Pedersen and her colleagues applied their process to moon jellyfish, one of the most common species. They’re about 96 percent water, 3 percent salt, and 1 percent protein, mainly collagen. 

The resulting chip is a salty protein snack with a kind of papery texture, unlike the more seaweed-like feel of traditionally prepared jellyfish. The researchers also enlisted a Danish chef – Klavs Styrbaek, the owner of Styrbaek’s restaurant in Odense — to craft dishes with the chips.

Styrbaek said called Pedersen’s chips “brilliant,” saying they can be served on salads, marinated, or carefully fried to give them a slightly bitter taste.

“Another thing that’s good with jellyfish are combinations with cucumber, and also horseradish or turnips,” he said. “One of the best things we found was when you cook it with horseradish and oysters.”

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Moon jellies are “a problematic jellyfish the whole world over,” said Lisa-ann Gershwin, a research zoologist at the Australian science agency CSIRO and author of a 2013 book examining how the creatures can thrive even in harsh conditions. So she said finding a commercial use for the species was a great idea.

“I wonder however, about the impact of fishing out lots and lots and lots of jellyfish without addressing why the jellyfish are in abundance in the first place,” Gershwin said.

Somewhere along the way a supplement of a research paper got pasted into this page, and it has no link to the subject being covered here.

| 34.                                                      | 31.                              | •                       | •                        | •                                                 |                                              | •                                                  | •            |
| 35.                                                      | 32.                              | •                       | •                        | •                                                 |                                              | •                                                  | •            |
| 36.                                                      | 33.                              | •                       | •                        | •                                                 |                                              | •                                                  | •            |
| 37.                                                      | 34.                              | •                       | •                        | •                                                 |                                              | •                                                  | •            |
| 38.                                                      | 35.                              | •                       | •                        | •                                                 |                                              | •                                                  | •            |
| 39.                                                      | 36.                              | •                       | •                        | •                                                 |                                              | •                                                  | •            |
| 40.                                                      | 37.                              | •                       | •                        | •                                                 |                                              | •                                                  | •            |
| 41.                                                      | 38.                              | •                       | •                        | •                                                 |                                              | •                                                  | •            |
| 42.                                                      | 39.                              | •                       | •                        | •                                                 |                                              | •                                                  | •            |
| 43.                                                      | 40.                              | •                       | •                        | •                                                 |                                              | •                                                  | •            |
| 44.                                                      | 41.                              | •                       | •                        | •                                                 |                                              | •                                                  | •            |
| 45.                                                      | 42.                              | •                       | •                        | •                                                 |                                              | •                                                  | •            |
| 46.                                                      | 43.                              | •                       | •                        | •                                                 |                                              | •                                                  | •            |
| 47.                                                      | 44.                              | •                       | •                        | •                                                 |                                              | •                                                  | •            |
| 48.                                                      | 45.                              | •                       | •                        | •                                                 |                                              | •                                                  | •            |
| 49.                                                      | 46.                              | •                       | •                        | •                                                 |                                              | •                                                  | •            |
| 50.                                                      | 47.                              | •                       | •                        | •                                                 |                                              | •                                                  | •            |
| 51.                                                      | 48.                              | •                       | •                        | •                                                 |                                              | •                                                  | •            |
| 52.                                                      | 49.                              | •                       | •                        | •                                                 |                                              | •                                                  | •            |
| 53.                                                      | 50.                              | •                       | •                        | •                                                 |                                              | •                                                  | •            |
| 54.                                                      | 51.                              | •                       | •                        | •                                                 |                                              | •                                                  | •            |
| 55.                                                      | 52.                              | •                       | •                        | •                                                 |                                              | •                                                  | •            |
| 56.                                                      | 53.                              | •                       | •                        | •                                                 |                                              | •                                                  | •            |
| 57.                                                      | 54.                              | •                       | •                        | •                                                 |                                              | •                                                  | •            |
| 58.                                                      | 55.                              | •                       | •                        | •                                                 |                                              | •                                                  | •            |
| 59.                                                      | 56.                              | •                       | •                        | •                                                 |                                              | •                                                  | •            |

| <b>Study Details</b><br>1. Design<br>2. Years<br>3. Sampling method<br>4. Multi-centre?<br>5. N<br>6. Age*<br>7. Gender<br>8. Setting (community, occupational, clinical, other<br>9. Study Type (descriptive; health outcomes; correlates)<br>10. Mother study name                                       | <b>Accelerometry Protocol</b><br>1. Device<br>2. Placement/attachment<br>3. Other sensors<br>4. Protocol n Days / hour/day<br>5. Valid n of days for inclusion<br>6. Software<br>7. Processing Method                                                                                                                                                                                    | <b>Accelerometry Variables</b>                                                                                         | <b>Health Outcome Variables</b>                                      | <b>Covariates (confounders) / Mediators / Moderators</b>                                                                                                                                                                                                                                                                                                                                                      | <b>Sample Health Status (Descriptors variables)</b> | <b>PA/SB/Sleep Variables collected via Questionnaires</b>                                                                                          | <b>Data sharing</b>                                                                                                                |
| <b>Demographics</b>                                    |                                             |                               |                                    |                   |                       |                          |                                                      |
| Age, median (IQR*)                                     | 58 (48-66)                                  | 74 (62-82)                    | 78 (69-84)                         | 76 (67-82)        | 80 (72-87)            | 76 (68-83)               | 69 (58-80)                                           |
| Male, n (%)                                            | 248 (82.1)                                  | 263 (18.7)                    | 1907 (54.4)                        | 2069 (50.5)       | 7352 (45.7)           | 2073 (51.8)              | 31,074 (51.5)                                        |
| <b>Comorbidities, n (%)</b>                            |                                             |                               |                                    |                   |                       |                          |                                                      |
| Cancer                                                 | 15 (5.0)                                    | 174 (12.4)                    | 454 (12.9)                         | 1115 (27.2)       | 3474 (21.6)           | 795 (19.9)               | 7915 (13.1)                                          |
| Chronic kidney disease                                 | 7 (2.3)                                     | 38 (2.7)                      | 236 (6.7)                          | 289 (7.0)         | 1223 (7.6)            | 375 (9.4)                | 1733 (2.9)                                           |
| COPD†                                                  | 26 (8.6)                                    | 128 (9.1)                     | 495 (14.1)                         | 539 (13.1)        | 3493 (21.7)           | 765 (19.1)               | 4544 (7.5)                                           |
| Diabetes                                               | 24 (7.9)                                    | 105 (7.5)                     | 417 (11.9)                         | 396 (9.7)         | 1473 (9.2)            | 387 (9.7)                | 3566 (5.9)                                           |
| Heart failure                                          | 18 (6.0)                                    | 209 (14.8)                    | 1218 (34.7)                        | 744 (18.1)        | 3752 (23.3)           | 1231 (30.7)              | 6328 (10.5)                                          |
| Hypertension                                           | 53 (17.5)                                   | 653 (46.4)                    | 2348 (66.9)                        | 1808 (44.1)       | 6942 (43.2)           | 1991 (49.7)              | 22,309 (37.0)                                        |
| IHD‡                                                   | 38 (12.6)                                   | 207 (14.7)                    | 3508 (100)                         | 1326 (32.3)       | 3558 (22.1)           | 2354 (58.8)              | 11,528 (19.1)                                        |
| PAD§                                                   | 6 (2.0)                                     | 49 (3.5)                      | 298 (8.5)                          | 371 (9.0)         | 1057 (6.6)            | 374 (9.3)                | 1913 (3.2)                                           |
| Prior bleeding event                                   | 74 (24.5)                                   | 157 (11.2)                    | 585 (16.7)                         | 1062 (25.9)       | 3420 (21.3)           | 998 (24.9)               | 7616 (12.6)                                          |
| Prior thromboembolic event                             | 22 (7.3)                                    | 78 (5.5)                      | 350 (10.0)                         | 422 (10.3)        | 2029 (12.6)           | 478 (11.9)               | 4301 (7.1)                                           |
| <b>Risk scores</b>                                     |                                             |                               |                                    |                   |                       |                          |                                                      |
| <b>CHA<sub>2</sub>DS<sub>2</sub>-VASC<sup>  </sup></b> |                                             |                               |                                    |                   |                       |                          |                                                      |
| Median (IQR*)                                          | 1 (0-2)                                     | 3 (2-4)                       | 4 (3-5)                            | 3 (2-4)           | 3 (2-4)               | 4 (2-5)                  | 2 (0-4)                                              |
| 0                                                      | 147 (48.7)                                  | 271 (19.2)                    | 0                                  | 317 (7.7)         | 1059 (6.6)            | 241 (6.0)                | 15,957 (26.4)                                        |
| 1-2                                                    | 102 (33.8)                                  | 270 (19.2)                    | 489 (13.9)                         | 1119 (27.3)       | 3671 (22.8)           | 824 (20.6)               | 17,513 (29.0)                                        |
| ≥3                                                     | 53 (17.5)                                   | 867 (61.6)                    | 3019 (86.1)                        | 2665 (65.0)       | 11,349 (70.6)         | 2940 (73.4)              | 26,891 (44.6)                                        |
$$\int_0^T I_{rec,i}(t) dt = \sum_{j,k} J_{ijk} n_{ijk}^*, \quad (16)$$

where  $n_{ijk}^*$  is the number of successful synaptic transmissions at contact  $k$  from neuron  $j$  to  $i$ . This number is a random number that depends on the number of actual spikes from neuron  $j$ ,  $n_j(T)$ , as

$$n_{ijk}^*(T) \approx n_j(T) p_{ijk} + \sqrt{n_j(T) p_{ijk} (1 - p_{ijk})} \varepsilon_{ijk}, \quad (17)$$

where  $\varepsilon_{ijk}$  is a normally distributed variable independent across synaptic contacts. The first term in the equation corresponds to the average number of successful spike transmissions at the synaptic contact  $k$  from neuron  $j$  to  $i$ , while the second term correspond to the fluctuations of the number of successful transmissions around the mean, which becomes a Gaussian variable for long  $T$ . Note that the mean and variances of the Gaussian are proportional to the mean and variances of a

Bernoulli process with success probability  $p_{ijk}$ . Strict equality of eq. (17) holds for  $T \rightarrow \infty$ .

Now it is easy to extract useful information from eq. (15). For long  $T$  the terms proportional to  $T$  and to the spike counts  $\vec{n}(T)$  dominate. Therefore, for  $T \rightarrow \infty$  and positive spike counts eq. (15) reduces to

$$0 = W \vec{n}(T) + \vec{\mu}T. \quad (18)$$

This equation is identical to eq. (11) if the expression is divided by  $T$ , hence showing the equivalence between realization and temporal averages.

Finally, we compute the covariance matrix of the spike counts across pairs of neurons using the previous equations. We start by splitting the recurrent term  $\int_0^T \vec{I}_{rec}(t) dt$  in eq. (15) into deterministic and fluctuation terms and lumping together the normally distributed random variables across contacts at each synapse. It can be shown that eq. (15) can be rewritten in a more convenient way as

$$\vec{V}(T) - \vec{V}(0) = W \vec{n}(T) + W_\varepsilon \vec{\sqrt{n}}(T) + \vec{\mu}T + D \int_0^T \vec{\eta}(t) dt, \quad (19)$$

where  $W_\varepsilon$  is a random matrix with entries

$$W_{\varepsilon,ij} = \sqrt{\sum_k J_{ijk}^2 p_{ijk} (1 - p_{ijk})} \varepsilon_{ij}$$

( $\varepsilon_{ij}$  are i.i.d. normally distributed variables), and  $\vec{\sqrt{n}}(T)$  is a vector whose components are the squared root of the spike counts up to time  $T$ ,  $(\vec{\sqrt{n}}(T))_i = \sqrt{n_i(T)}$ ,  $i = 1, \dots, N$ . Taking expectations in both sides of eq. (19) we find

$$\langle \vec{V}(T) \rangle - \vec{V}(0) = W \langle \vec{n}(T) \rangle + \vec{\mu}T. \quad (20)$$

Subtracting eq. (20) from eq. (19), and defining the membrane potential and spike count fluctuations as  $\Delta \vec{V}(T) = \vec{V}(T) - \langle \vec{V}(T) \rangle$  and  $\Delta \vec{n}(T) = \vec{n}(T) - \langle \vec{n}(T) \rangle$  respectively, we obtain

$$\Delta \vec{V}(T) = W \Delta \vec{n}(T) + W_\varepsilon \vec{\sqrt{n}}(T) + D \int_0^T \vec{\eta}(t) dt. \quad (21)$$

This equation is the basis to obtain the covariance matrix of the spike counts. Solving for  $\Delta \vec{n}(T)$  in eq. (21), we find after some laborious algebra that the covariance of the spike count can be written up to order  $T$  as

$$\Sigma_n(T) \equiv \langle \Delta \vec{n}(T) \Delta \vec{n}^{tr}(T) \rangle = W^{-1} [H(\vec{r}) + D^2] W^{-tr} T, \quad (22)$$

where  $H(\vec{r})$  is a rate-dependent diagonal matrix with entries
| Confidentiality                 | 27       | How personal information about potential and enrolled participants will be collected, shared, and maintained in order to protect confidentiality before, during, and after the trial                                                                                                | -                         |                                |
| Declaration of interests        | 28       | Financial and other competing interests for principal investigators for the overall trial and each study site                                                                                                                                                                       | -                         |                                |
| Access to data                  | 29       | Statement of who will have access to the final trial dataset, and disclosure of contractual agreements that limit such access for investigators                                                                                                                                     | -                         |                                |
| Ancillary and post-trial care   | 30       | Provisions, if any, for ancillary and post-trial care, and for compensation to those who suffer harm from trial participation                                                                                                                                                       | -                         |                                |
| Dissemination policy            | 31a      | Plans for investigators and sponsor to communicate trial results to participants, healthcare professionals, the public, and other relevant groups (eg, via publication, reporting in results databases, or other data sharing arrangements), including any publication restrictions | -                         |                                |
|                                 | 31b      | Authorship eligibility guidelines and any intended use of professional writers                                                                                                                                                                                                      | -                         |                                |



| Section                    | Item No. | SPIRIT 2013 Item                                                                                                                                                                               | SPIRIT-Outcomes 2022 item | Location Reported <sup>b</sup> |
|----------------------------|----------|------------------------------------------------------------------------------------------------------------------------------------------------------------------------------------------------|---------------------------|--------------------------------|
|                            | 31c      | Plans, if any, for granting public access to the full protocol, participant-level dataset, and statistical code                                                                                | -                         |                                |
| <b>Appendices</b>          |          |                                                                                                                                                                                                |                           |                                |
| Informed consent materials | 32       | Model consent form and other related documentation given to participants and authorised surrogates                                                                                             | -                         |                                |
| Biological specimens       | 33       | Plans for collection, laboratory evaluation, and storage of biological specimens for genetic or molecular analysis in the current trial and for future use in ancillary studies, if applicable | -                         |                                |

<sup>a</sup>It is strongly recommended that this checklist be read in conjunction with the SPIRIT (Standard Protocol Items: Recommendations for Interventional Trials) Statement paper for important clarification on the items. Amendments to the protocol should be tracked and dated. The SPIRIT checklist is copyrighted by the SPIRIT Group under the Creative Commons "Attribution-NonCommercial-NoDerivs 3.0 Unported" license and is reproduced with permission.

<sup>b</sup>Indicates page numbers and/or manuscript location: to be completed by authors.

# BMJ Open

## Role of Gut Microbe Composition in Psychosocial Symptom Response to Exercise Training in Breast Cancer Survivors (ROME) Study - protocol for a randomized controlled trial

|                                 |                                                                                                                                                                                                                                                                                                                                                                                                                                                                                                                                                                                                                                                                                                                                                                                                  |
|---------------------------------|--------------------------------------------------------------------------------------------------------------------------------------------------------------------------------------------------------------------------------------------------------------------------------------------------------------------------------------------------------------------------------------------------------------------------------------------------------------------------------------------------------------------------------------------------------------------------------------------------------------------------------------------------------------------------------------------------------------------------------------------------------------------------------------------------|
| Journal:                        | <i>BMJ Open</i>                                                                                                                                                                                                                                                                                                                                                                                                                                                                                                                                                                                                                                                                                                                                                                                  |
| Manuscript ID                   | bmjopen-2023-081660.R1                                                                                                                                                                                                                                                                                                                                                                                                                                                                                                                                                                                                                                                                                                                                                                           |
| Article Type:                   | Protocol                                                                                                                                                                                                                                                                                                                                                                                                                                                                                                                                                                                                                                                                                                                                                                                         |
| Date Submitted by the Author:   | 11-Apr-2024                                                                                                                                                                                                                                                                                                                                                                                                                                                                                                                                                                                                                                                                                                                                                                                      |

“They’re not evil beings that are following their evil warlord and taking over the world,” she said. “They’re just responding to conditions that humans are giving them.”

Jellyfish blooms can emerge when their predators are reduced because of commercial fishing, or when low levels of dissolved oxygen chase off competition for food, allowing more jellyfish to thrive. They also appear to surge around undersea structures like oil rigs and wind turbines, which give their budding young more places to latch onto and grow.

But while spikes in jellyfish clusters, known as blooms, have wreaked havoc in some circumstances, fears that rising numbers of jellyfish are taking over the oceans “are probably a myth,” said Rob Condon, an oceanographer and marine scientist who studies the species.

“It’s more likely that we’re interacting more with them in their backyard rather than them being in our back yard,” he said.